Companies encourage more worker involvement EMPOWERED EMPLOYEES

February 11, 1993|By Amy L. Miller Staff Writer

When Marada Industries practices employee involvement, it puts its money where its policy is.

The auto parts manufacturer is one of several in Carroll County, from Londontowne to Ingersoll-Dresser, that allow or encourage employees to assist in making management decisions. Marada makes involvement mandatory, and backs up its program by letting employee teams spend the company's money to implement employee decisions.

"Associate [employee] involvement is not so much a program as a culture, philosophy and way of life at Marada," said Susanne Dyer-Gear, the company's human resources manager. "We believe that the person doing the job, from stacking parts and inspecting them to human resources management to sweeping the floor, is the expert at it.

"Therefore, it stands to reason that person is in the best position to make improvements and have ideas on how to make the job simpler or more efficient."

Employee involvement programs vary from company to company. At All-State Welding, employees volunteer to become part of an involvement team, said general manager John Jurasic.

About eight employees of the 30 who work at the Taneytown subsidiary of ESOB in Hanover, Pa., have been trained in the employee involvement process, he said. The group chooses a project to tackle and solves it using the skills they've learned.

"They've improved the environment and the atmosphere," Mr. Jurasic said of the group, which has saved money on waste removal by recommending separate containers for recyclables. "They've made it a better place to work."

Although the two-year program has spawned other projects, Mr. Jurasic pointed to the recycling campaign as the most successful.

"I think they've been a big assistance to management to point out and solve some problems that otherwise would not have been given the time," he said.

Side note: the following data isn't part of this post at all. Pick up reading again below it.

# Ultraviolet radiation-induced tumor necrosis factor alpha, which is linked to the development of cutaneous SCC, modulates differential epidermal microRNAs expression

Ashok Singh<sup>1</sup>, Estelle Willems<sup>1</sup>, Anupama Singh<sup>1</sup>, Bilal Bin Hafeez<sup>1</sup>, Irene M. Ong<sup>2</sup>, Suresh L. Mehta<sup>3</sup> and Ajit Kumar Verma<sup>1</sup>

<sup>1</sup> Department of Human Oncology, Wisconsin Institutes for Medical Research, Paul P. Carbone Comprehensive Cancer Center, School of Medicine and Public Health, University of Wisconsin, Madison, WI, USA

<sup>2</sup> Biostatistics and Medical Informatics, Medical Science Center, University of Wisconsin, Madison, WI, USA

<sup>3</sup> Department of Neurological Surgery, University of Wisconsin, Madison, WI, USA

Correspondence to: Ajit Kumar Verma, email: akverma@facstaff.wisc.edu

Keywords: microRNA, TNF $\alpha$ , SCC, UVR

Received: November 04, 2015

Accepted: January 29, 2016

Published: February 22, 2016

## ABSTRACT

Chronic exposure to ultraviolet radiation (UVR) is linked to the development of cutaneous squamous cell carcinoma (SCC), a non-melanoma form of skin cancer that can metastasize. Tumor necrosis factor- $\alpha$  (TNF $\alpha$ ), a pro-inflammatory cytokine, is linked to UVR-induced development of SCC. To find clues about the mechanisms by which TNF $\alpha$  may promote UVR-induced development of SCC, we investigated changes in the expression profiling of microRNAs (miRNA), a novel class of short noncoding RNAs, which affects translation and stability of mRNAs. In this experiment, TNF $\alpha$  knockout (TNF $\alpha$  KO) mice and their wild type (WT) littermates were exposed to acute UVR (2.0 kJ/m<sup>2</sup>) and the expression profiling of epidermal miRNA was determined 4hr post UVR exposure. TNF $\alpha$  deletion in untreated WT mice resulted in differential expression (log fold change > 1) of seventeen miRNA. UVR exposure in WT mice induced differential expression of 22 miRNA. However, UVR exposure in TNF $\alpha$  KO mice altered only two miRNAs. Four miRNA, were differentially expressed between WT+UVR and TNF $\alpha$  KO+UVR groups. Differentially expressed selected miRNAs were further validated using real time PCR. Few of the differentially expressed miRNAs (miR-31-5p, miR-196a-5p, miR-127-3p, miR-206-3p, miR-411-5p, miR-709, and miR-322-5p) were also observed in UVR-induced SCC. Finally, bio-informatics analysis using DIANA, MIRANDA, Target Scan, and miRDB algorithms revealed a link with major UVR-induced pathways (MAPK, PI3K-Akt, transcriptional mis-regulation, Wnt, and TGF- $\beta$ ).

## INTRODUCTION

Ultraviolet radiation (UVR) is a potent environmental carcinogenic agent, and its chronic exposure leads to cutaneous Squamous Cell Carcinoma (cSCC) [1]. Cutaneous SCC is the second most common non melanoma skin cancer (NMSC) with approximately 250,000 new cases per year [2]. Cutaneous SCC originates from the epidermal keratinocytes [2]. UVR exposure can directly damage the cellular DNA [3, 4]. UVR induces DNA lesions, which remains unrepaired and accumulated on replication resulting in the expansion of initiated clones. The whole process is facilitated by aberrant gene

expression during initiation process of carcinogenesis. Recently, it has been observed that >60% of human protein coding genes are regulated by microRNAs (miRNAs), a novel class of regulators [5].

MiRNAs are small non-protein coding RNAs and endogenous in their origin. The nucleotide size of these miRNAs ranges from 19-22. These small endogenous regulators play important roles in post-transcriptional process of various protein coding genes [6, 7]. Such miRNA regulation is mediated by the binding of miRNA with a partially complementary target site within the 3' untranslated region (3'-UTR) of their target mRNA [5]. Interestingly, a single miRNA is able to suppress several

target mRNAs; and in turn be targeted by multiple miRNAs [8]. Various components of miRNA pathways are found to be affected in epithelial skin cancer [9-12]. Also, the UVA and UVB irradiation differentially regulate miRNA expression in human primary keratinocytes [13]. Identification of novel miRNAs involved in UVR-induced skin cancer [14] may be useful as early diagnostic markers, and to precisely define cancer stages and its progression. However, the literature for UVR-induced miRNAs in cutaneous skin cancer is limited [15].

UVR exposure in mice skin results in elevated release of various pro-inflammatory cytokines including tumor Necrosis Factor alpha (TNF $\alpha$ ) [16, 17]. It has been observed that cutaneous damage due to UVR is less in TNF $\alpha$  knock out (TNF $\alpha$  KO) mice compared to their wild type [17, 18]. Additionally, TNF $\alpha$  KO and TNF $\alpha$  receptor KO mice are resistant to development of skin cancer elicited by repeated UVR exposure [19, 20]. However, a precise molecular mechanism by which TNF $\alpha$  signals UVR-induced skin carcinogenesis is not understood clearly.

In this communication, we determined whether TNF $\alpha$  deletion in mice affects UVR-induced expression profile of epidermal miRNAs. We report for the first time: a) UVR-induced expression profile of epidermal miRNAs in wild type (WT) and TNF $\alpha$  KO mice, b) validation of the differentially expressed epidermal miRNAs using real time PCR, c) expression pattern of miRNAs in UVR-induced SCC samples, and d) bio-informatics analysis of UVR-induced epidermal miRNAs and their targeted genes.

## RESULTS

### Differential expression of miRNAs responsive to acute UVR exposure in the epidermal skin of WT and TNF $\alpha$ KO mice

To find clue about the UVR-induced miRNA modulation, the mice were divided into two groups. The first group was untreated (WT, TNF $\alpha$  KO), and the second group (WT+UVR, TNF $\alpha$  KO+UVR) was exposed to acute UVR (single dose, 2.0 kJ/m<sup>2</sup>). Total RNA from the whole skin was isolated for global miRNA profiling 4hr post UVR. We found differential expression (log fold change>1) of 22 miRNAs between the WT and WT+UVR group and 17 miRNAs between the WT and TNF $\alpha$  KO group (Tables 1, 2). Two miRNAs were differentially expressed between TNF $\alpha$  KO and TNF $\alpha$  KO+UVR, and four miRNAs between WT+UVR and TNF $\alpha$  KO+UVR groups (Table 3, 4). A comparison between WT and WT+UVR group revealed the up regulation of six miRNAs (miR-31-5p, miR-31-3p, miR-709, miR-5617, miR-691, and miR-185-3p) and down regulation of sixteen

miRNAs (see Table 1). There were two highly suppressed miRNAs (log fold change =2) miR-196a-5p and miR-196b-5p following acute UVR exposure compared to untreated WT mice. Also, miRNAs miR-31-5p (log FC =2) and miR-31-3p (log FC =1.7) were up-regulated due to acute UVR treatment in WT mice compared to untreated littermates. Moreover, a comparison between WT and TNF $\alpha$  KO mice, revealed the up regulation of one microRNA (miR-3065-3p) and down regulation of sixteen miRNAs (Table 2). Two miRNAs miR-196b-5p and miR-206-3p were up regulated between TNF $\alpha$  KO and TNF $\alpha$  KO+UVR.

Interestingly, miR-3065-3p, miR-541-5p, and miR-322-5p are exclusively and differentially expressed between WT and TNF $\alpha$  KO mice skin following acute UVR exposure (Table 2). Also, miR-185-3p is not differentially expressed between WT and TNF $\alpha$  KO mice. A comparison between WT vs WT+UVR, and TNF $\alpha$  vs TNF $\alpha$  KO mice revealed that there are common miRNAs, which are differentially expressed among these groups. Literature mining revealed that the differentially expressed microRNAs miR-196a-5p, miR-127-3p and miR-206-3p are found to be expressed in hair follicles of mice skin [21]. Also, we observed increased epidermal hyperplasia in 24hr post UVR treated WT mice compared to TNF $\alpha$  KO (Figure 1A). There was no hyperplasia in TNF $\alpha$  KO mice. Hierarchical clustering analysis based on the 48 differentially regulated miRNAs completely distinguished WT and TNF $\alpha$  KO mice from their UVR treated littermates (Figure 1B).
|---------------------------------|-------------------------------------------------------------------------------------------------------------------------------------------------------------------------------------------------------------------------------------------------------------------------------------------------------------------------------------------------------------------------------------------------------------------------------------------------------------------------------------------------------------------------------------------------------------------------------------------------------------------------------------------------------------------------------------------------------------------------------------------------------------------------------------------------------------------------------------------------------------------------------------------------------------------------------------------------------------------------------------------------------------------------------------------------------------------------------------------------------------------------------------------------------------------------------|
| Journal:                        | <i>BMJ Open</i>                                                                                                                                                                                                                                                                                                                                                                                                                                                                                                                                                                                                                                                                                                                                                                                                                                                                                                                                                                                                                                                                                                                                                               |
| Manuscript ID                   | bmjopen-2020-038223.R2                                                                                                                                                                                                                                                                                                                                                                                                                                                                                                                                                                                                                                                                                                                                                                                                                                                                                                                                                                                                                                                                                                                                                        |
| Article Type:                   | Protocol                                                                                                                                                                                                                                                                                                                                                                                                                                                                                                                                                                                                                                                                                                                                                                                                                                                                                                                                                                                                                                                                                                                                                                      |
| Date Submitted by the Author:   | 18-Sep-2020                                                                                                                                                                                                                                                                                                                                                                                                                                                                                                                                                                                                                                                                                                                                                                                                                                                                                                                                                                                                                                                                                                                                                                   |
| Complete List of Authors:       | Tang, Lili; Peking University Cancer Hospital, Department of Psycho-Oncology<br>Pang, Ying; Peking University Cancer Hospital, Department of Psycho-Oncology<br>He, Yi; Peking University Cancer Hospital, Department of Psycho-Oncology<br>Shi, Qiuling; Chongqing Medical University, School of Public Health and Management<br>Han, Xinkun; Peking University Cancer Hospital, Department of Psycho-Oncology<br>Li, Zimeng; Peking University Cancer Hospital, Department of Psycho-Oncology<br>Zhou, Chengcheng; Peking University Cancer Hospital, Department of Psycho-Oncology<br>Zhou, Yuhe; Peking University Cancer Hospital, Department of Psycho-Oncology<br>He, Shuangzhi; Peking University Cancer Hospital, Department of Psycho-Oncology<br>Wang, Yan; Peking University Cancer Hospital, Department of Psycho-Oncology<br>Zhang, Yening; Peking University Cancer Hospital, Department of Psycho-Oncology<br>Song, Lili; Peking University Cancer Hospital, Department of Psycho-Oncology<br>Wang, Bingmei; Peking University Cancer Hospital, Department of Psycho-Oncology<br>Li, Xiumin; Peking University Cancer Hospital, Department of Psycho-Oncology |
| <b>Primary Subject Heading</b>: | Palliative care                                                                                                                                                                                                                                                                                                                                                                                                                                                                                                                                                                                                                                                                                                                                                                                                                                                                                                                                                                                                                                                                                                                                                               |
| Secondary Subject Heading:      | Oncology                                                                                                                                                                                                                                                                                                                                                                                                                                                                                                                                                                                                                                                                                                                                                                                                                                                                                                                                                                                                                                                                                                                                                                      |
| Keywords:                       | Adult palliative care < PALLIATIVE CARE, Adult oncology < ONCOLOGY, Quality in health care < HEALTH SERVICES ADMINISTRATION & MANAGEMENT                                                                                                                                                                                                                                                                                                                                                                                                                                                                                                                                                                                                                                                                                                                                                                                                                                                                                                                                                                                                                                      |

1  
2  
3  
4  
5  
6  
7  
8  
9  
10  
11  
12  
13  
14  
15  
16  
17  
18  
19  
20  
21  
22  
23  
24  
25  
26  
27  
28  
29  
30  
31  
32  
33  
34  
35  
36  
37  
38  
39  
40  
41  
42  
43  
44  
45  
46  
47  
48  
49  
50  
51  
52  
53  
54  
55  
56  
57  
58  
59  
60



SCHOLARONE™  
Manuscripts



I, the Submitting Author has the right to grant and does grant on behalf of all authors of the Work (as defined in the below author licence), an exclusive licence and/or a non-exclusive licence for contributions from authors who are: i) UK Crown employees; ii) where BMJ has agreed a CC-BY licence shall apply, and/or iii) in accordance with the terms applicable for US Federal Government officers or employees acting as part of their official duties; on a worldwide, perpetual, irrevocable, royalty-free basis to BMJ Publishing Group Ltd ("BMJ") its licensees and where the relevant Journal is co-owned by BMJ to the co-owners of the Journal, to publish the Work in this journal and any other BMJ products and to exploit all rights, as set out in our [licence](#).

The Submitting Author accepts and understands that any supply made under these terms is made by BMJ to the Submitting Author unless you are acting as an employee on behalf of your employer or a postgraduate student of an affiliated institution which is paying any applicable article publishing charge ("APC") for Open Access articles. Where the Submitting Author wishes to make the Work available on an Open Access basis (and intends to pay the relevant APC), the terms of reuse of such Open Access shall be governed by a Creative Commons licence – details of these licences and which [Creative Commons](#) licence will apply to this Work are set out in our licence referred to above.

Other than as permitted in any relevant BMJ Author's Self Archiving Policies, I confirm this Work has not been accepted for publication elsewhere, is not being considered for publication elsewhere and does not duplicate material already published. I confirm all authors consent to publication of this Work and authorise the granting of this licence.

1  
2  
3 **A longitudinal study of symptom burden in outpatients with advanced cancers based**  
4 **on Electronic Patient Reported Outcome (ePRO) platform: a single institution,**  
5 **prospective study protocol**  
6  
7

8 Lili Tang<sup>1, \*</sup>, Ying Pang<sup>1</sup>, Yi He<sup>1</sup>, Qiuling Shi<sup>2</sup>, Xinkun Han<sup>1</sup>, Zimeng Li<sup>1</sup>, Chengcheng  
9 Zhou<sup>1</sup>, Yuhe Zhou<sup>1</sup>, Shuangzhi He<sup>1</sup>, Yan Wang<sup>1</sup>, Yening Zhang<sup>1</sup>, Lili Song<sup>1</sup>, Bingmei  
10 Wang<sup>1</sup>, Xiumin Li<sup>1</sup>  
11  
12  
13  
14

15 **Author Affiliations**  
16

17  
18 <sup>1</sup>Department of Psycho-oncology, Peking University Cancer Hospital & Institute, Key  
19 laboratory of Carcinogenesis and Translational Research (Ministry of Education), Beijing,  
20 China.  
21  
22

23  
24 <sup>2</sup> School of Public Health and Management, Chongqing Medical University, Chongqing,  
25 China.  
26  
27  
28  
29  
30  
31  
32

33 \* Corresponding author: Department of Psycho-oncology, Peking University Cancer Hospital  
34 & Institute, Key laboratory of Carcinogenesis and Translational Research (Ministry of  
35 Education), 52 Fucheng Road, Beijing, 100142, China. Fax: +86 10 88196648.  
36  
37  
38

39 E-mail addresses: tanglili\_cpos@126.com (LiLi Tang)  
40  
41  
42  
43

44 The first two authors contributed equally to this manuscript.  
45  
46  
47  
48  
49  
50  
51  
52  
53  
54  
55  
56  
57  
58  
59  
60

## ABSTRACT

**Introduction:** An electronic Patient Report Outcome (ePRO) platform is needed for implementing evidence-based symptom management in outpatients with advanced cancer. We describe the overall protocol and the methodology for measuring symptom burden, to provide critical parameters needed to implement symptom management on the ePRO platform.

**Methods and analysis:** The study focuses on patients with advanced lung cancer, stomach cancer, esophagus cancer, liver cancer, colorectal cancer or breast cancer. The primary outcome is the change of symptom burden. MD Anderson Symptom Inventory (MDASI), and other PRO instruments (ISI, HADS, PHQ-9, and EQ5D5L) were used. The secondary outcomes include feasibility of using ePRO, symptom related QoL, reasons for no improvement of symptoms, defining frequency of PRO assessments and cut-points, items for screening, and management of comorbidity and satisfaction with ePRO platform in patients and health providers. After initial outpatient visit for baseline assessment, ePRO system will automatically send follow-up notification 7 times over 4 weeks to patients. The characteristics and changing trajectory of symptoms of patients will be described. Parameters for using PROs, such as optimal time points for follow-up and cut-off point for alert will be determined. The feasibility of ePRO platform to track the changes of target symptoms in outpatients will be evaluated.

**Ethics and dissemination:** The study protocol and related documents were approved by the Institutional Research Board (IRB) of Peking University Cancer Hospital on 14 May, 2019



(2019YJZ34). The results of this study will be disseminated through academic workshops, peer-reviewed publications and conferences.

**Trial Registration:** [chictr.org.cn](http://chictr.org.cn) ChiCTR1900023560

Marada's employee involvement program is not a suggestion, but a job requirement.

"When new folks come to Marada, we tell them, 'You have the authority and responsibility to make improvements to your job, not check your brains at the door,' " said Ms. Dyer-Gear. "If you treat associates with respect and like the intelligent people they are, they respond to that."

When the company adds new equipment, associates are asked to help design it, making sure it is safe, easy and comfortable to use, she said.

Also, each of Marada's 219 employees is placed one of 17 cells, or teams of co-workers in the same department, to meet at least twice a month and discuss their jobs and how they can improve them. Cells range from three to 20 people, and have the authority to spend up to $200 on a project without managerial approval.

"The cell has to be in agreement, but after that they can spend up to $200 per project with no limit to the number of projects," said Ms. Dyer-Gear. "Some companies say, 'You do what? You give your people spending authority with no signatures needed?' But people haven't abused it. If you give that trust to your associates, they respond very well.

"Our associates are all mature adults that think of spending company money as they would spend their own."

Projects that involve more than one department can be tackled by groups of five to 10 associates on an improvement team. Associates can either join with company friends or post a notice on the bulletin boards to form teams.

These projects, which can cost up to $400 without manager approval, are also presented to the company steering committee. The 11-member steering committee has representatives from every department.

However, groups can spend more than the authorized amount with manager approval, Ms. Dyer-Gear said.

"Many [improvement teams] spend much more than $400," she said. "We have one team working on a $50,000 capital expenditure."

Ms. Dyer-Gear said the first four months of the program have garnered 343 suggestions, 222 of which were implemented.

This program, which replaced the company's original employee involvement plan, had a 445 percent improvement in involvement over the other program, she said.

"The biggest problem we had with the old continuing-improvement plan was too much management involvement," Ms. Dyer-Gear said. "Now, people don't need permission or approval to complete their improvement projects. They just do it."

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